Monday, May 18, 2015

Winning the argument on taxing capital gains

Last election, Labour campaigned on a capital gains tax to deflate the Auckland property bubble and provide fairness. National, of course, campaigned against it. And now that Labour has backed away from its CGT plans as a supposed election loser, National has decided to introduce one:

A capital gains tax on residential property sold within two years of buying it is being seen as a step in the right direction, but not far enough, with few expecting the new tax to have a big effect on Auckland property prices.

Prime Minister John Key announced the plan this morning as part of the Budget package.

The exemptions to this new bright-line test will be if the property sold is the seller's main home, if it is part of a deceased estate or inherited, and or if it is transferred as part of a relationship settlement.

The tax will be on the seller's normal income tax rate.

Yes, its weak - but it firmly establishes the principle of taxing capital gains. And as others have commented, it will now be very easy for future governments to extend it to make it more comprehensive. A future Labour/Green government will be able to extend that brightline test to five years, or to infinity, while widening the net to capture other sources of capital gains such as financial wealth. And that's a Good Thing - because the current situation where the poor pay tax while the rich get tax-free capital gains is manifestly unfair.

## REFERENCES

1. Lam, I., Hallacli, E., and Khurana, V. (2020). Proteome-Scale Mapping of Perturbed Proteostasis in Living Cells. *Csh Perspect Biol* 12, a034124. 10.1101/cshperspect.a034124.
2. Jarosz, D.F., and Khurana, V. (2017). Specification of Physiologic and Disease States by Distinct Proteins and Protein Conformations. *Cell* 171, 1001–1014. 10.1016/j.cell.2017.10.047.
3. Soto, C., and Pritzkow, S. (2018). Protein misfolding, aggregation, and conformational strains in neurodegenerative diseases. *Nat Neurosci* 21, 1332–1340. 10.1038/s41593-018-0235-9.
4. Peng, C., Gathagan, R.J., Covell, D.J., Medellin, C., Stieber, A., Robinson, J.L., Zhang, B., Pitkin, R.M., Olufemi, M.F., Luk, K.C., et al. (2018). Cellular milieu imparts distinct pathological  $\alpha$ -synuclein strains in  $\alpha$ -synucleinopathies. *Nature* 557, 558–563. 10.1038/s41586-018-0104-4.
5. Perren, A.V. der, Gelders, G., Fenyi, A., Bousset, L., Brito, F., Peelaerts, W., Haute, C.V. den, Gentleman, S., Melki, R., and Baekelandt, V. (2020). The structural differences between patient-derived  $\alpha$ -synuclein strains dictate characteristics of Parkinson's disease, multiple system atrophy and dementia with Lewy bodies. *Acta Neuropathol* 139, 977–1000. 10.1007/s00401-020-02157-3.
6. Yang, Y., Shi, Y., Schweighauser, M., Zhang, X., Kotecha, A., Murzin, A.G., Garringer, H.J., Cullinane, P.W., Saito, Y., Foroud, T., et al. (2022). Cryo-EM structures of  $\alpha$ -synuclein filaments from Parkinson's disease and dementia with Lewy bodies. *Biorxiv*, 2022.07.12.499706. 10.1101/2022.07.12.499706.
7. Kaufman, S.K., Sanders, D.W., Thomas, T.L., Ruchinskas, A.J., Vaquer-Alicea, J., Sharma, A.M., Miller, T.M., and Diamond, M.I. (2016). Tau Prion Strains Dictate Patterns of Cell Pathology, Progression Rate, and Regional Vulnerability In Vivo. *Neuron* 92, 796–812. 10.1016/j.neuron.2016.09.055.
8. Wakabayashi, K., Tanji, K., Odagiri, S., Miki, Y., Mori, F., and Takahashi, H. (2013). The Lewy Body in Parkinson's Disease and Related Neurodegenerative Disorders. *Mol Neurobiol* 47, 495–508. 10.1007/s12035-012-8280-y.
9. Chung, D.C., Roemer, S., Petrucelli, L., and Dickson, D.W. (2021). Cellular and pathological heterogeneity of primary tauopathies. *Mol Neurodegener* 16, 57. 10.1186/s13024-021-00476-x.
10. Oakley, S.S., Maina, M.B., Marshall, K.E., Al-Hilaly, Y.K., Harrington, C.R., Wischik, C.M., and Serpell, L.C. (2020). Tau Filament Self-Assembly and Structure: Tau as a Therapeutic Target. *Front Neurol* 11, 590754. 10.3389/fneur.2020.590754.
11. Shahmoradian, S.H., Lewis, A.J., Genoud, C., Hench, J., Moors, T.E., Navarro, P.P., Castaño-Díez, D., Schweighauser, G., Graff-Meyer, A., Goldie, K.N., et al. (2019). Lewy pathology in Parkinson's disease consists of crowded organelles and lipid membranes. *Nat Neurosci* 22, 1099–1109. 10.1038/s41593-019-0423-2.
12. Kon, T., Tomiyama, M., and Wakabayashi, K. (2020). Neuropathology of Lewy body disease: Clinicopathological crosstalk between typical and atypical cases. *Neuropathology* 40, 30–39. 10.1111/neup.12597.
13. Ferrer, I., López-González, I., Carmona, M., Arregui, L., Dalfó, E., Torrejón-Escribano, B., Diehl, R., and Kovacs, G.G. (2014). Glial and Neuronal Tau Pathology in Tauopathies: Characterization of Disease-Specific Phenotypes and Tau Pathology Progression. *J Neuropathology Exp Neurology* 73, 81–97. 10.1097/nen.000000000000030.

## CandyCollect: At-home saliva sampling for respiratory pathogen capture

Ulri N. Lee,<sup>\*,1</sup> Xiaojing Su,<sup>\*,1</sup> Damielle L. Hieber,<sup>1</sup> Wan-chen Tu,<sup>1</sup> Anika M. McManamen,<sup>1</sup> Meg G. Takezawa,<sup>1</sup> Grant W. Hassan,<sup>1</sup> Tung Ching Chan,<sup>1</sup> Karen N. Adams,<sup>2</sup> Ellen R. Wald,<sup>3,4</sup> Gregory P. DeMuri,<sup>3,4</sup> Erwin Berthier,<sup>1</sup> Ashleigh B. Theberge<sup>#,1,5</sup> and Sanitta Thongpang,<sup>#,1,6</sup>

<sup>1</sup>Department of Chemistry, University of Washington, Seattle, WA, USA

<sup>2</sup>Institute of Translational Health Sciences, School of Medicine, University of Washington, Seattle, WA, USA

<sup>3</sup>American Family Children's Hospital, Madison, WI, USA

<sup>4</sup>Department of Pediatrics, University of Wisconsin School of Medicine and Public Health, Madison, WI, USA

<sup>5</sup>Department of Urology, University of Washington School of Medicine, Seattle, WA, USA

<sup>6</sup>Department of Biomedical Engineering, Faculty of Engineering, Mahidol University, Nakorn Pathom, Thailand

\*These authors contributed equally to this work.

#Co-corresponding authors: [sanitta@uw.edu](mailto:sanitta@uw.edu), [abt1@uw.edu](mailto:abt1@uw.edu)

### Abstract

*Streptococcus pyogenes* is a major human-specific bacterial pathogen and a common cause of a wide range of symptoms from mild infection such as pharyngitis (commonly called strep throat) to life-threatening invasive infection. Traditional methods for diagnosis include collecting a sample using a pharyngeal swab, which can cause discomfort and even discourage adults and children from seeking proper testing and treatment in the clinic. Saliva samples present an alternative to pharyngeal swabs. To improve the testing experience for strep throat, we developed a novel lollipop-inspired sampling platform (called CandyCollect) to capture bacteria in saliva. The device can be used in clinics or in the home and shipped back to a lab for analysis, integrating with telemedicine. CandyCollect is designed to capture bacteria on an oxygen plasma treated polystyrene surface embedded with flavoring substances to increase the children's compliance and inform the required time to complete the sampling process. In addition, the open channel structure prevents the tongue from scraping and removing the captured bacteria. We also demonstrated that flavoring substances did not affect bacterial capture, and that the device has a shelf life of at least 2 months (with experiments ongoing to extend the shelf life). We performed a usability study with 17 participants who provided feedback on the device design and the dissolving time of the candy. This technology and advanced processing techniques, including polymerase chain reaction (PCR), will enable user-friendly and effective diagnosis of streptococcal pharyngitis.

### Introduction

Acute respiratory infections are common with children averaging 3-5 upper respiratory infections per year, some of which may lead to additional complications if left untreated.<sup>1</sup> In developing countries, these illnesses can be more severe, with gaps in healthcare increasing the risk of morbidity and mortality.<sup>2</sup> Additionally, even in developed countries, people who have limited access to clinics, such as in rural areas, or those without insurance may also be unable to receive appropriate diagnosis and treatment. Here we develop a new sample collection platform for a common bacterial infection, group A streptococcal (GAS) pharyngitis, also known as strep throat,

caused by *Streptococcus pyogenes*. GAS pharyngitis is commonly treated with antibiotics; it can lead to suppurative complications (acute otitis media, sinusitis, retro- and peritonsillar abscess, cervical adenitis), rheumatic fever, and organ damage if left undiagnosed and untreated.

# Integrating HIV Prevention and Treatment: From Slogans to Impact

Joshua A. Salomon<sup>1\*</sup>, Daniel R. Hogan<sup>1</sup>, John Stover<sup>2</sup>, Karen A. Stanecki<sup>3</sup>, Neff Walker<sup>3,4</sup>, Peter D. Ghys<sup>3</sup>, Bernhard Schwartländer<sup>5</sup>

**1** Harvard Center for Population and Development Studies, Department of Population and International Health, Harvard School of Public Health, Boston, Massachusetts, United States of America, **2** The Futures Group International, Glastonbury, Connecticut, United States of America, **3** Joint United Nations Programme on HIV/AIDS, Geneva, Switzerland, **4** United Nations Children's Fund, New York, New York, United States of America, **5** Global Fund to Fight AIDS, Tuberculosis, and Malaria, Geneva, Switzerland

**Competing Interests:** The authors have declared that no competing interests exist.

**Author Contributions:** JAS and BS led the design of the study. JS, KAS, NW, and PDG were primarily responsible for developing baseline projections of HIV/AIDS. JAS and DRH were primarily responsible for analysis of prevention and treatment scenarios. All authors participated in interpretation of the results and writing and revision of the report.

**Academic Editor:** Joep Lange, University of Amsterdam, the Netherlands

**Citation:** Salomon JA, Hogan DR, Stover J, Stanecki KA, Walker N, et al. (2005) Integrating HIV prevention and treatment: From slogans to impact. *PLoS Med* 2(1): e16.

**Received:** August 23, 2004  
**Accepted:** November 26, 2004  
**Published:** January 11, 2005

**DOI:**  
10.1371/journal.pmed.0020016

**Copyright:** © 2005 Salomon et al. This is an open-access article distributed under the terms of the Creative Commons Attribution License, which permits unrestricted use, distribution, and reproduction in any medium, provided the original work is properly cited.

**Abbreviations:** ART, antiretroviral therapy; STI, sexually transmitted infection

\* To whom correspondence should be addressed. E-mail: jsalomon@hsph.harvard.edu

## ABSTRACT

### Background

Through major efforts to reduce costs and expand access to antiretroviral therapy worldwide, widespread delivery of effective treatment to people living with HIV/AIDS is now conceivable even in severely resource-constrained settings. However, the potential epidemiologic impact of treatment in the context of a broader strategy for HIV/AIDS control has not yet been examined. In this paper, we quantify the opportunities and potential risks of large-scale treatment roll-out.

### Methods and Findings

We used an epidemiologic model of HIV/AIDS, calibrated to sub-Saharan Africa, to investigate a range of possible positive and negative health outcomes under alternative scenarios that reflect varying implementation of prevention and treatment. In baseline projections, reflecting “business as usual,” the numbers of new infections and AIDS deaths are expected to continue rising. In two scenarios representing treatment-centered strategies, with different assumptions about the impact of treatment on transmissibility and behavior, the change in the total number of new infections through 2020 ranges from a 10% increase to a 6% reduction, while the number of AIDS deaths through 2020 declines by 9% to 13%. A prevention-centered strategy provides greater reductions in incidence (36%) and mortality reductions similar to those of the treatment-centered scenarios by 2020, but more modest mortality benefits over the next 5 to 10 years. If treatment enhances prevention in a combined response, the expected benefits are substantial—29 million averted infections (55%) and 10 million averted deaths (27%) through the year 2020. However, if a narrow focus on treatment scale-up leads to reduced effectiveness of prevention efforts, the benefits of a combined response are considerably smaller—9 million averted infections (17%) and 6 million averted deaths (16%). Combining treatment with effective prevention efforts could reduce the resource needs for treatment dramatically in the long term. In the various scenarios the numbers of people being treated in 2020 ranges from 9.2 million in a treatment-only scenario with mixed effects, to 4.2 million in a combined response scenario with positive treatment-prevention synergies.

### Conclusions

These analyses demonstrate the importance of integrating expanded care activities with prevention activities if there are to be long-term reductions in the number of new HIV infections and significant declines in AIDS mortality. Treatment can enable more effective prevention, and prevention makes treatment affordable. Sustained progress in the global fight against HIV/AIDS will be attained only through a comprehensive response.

Its also clear that the left has won the argument here, as it has on child poverty and parental leave. The evidence that Auckland's property bubble is a problem is so obvious that even National, a party of and for property speculators, has to recognise it (or at least recognise that the public recognises it). Though I'd prefer that when parties changed their minds, they were honest about it, rather than trying to pretend that we have always been at war with Eurasia and that a tax which taxes capital gains somehow isn't a capital gains tax. If they're not sure how to sell that, then they could do worse than Keynes' "When the facts change, I change my mind. What do you do, sir?"